Below was a comment I made on a KevinMD blog post; I felt that I should post it as it really encapsulated what I wanted to say in my last few posts regarding primary care physician struggles.
Kristy, very important points and questions. What Dr. Schimpf and Mr. Qamar has suggested really is an adaptation to dysfunctional system, not a fix. By no means, is a direct pay model a viable, sustainable solution to the root cause of this dysfunctional system. It certainly gives breathing room for PCPs who have been suffering for so long (like me) that having a model like this is so refreshing and energizing. However, a direct pay model will not help those that cannot afford it (even $19 a month). I have patients who would like to see me, but can’t, because even though they have health insurance, it’s high deductible and they need to pay out of pocket with funds they don’t have. Ones without insurance, forget it. They’ll come when the problem is so severe that they can’t help themselves via Google, and then it’s too late or the condition needs such drastic, expensive measures to treat that the cost of treatment is so much more than what it could have been had they had easy access to a PCP in a timely manner.
It is all about equal access and the rights of everyone in the country (not just those that can afford it) for health care that really impacts health care expenditures in the long term.
It’s like trying to putting a tourniquet on a severed artery, but without a fix to the severed artery, we’re just stopping the bleeding. Eventually, the bleeding will go somewhere else or cause secondary problems that are just as life threatening as the initial injury.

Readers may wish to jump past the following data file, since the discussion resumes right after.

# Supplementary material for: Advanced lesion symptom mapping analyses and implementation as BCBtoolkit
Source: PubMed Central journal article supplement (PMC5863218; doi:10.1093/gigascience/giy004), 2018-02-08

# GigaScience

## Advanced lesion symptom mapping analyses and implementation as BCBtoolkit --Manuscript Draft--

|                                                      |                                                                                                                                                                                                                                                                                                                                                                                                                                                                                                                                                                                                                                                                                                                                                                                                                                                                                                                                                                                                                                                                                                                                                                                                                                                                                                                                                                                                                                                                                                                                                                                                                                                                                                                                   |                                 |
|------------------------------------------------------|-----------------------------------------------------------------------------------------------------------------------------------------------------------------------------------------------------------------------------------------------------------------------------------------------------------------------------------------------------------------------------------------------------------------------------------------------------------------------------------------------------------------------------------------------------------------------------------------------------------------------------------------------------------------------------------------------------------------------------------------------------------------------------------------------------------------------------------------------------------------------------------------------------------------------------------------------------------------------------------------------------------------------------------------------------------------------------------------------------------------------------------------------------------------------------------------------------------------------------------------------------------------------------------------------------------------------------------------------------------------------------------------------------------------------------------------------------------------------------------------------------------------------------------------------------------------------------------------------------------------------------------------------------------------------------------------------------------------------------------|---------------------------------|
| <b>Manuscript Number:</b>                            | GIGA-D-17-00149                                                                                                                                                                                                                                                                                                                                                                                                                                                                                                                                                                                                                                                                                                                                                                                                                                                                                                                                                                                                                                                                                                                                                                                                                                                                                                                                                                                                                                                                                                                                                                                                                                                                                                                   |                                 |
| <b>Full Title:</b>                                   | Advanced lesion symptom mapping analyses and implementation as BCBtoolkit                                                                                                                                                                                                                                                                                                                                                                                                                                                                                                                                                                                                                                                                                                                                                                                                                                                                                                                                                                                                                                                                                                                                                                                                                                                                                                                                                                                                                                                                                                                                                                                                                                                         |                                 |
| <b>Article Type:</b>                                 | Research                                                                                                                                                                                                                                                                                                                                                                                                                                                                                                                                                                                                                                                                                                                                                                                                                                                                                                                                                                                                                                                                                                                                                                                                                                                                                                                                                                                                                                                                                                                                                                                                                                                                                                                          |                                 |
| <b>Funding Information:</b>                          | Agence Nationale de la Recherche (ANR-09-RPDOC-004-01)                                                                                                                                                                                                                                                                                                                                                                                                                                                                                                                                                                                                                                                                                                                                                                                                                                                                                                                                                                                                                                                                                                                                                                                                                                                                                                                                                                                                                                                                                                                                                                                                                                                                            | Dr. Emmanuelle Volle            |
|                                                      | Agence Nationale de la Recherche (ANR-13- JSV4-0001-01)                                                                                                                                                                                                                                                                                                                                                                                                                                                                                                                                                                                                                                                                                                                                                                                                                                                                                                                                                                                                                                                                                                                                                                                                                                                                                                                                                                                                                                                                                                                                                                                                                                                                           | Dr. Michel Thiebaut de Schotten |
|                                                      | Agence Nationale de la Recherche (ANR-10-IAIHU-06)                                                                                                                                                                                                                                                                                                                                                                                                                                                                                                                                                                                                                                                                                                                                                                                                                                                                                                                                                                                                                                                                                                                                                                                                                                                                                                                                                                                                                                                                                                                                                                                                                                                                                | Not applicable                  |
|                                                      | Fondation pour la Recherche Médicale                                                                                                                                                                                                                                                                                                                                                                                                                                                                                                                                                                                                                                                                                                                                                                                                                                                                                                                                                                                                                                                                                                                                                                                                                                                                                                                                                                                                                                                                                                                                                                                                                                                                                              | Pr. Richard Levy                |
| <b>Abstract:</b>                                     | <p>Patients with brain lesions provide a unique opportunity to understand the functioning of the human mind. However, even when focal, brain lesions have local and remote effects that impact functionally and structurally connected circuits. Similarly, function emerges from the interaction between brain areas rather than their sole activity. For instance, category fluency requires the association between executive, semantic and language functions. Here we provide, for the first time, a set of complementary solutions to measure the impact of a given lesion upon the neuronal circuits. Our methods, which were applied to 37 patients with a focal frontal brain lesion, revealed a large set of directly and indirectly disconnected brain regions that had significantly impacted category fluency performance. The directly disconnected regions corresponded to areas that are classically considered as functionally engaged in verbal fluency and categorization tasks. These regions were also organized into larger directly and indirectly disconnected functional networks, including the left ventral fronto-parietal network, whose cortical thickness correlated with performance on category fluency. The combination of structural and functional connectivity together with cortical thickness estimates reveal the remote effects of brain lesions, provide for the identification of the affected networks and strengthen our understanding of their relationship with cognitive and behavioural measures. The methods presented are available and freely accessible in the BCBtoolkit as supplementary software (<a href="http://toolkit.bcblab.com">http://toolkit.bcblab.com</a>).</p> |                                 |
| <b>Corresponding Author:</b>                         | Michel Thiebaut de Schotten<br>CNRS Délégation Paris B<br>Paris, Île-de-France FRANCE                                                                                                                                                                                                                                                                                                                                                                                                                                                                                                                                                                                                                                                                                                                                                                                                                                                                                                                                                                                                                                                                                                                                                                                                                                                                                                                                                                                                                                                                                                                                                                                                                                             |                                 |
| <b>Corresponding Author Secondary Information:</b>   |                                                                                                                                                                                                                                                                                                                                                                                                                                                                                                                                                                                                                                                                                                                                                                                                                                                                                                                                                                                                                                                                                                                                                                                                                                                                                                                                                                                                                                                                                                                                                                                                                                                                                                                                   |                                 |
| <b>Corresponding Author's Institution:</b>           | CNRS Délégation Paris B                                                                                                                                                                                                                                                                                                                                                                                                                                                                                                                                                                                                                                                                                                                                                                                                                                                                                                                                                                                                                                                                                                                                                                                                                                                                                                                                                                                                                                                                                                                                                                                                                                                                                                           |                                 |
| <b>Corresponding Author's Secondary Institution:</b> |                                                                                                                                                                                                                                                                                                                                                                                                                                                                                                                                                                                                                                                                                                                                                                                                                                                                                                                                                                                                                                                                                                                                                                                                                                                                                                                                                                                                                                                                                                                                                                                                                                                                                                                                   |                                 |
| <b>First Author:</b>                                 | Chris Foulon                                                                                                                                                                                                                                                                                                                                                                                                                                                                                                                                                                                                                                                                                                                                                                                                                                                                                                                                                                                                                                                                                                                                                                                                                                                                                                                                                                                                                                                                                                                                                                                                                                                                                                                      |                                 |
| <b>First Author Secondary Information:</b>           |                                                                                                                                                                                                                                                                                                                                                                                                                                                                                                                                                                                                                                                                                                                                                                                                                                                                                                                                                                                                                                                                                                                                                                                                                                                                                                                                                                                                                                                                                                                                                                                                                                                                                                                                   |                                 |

The fix is comprehensive, starting with basic health care access for all and coming up with solutions to address the primary care physician shortage, both by prioritizing preventative services, increasing the workforce through medical education and restructuring cost allocations so that there is closing of the extreme gap between PCPs (including especially mental health providers) and subspecialist reimbursement rates. Although I’m sure these suggested fixes (or variations thereof) have been proposed before, I believe change in our healthcare system really will only change with a grassroots education movement in the value of primary care. We have plenty of data from here and from other countries’ experiences to back up our point.
We’re way past the point where primary care physicians can ask for change to the powers that be because the vested interests preserving this dysfunctional system are so strong and entrenched. My wake up call was when I was in the process of closing my practice, most of my patients didn’t know that a primary care physician gets paid for so little (less than a optometrist!); they felt that the value in their health care from me was so much more than that…they couldn’t understand how I was able to keep surviving on so little for so long. They kept saying, “If we only knew, if everyone knew, we would all be rooting for you”. It was too sad, but it gave me hope where our fight has to be directed, where our best efforts for change can be successful.